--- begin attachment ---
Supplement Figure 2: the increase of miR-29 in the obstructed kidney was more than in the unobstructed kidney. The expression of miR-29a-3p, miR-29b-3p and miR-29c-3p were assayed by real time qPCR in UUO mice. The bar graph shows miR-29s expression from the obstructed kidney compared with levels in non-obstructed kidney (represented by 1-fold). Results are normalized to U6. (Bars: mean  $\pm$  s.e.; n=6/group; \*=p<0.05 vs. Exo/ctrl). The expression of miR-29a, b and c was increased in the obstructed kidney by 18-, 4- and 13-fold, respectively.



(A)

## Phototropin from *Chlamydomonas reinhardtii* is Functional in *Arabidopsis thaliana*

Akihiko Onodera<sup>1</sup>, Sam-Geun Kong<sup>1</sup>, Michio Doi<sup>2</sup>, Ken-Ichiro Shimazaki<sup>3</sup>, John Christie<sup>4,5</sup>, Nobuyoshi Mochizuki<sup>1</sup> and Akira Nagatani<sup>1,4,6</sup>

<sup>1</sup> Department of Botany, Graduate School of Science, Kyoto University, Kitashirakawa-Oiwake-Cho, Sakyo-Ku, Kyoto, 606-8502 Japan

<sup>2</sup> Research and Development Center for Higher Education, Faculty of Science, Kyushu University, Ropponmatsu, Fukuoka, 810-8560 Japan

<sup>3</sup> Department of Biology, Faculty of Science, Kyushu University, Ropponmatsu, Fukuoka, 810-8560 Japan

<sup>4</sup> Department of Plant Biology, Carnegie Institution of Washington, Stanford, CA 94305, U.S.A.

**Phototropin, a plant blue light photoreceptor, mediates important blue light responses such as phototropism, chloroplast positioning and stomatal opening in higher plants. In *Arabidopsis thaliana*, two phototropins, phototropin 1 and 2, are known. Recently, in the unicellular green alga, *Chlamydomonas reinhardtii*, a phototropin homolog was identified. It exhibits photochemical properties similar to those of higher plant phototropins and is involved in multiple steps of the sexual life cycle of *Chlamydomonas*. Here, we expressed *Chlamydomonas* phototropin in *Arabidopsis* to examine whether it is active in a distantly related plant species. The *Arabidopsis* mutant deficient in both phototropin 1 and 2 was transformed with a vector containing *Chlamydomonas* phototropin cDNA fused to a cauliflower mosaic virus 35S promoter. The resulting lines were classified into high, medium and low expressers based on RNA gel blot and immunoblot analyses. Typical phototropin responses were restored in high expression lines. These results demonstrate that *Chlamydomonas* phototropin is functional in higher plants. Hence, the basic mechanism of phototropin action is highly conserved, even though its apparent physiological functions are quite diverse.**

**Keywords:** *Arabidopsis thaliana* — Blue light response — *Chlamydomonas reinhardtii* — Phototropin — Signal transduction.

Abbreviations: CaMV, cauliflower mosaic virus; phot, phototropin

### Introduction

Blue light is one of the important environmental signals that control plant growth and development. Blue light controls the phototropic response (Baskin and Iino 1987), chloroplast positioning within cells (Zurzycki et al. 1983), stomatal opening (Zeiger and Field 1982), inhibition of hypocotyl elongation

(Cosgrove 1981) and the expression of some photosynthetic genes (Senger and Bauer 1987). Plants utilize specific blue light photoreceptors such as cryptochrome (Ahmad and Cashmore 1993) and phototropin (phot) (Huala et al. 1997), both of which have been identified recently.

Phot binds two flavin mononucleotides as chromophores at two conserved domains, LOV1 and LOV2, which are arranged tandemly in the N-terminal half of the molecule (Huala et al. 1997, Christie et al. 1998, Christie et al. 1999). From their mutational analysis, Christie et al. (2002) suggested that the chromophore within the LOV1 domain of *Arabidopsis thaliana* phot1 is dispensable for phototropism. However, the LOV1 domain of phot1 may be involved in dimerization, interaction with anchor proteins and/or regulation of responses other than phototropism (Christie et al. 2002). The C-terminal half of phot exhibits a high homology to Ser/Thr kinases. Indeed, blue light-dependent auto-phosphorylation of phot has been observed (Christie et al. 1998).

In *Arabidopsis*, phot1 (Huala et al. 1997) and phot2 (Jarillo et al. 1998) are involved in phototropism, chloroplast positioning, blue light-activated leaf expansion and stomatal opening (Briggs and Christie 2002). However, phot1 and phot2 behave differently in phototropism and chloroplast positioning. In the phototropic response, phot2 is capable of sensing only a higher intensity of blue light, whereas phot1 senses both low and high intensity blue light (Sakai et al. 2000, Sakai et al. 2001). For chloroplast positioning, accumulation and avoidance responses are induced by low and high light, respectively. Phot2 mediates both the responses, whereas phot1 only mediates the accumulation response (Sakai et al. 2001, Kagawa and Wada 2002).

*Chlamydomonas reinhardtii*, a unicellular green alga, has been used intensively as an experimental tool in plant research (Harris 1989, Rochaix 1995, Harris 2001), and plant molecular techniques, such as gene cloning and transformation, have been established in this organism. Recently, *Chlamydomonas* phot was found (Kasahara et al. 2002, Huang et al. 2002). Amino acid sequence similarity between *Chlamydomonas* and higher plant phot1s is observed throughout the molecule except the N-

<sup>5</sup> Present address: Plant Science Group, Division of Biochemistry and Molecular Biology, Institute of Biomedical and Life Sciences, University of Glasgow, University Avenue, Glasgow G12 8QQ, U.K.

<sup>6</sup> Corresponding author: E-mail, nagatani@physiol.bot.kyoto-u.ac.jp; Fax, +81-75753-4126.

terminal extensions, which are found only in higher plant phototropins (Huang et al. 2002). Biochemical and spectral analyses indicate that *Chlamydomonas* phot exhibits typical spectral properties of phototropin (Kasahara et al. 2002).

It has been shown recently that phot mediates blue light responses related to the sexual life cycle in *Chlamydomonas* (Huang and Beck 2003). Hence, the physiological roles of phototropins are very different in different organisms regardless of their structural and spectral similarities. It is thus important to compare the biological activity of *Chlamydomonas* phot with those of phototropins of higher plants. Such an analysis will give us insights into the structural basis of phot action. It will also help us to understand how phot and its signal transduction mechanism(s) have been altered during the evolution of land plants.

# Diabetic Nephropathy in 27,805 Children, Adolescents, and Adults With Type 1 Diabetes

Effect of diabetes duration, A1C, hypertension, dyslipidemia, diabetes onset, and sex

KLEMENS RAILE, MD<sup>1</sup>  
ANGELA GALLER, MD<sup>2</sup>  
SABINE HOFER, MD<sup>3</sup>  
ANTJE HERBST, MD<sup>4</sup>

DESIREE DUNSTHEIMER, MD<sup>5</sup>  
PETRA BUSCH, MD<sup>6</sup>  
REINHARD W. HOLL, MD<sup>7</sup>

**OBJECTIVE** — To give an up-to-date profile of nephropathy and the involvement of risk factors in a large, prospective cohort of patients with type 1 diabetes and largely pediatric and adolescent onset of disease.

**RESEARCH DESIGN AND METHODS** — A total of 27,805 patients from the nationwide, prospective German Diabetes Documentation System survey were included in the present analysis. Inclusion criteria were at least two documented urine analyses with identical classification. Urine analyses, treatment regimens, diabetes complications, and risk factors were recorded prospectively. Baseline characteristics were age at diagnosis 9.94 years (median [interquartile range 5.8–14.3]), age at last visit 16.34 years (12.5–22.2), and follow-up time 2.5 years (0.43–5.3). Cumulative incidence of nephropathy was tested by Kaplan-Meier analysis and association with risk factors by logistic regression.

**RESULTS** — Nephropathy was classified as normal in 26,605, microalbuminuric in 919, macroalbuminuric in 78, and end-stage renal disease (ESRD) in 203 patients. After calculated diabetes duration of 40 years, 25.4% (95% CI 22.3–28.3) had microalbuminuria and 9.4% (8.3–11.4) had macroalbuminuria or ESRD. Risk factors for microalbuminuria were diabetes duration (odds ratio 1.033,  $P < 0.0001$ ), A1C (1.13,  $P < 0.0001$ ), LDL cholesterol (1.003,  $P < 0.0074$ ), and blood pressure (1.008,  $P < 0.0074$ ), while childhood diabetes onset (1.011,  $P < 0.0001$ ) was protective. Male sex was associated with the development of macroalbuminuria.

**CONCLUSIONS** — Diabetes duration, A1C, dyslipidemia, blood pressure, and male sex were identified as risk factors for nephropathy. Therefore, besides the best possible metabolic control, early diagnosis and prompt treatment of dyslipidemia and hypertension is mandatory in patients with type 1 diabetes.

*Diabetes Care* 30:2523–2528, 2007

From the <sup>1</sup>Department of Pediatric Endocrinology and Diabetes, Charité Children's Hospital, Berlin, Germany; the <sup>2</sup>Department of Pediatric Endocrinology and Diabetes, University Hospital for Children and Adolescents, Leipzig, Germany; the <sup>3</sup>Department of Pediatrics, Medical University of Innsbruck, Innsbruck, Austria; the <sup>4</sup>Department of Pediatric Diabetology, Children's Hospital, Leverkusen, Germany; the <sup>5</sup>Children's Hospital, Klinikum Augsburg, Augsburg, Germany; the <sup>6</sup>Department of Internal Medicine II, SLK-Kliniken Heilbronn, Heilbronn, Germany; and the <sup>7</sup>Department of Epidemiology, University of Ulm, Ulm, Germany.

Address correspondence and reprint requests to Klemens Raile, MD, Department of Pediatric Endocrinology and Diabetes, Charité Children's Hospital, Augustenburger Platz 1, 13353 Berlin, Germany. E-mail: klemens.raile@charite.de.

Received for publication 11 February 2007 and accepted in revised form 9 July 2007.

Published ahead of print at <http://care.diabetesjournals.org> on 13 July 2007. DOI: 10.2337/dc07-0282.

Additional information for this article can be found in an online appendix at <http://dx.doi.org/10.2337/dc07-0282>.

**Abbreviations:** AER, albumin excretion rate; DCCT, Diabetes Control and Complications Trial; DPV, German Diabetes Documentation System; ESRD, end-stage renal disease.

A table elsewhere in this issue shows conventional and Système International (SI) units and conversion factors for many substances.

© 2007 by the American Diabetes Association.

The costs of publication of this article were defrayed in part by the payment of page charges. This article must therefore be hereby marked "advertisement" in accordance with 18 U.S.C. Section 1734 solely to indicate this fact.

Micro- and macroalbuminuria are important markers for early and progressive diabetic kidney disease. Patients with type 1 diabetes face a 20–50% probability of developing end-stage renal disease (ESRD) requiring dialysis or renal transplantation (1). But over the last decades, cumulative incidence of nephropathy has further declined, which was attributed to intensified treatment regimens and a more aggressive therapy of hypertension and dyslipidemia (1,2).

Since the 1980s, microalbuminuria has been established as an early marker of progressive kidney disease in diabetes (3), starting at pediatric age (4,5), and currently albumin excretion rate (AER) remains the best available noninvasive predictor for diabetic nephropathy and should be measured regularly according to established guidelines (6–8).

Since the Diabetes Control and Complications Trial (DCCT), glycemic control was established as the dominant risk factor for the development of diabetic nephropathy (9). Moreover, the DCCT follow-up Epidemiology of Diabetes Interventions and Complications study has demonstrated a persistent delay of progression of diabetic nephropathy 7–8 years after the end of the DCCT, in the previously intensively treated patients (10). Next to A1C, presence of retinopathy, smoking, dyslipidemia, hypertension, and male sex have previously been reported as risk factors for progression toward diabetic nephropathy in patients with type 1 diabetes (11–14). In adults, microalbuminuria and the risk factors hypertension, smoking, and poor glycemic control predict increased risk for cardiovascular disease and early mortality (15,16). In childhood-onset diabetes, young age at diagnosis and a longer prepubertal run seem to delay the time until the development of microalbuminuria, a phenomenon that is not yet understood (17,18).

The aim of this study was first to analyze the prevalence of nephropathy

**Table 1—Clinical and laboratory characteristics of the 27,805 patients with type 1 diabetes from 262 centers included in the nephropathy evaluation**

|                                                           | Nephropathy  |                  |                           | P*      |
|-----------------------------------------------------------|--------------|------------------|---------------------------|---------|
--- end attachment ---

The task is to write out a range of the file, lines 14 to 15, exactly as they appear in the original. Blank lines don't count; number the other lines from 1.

(Cosgrove 1981) and the expression of some photosynthetic genes (Senger and Bauer 1987). Plants utilize specific blue light photoreceptors such as cryptochrome (Ahmad and Cashmore 1993) and phototropin (phot) (Huala et al. 1997), both of which have been identified recently.

Phot binds two flavin mononucleotides as chromophores at two conserved domains, LOV1 and LOV2, which are arranged tandemly in the N-terminal half of the molecule (Huala et al. 1997, Christie et al. 1998, Christie et al. 1999). From their mutational analysis, Christie et al. (2002) suggested that the chromophore within the LOV1 domain of *Arabidopsis thaliana* phot1 is dispensable for phototropism. However, the LOV1 domain of phot1 may be involved in dimerization, interaction with anchor proteins and/or regulation of responses other than phototropism (Christie et al. 2002). The C-terminal half of phot exhibits a high homology to Ser/Thr kinases. Indeed, blue light-dependent auto-phosphorylation of phot has been observed (Christie et al. 1998).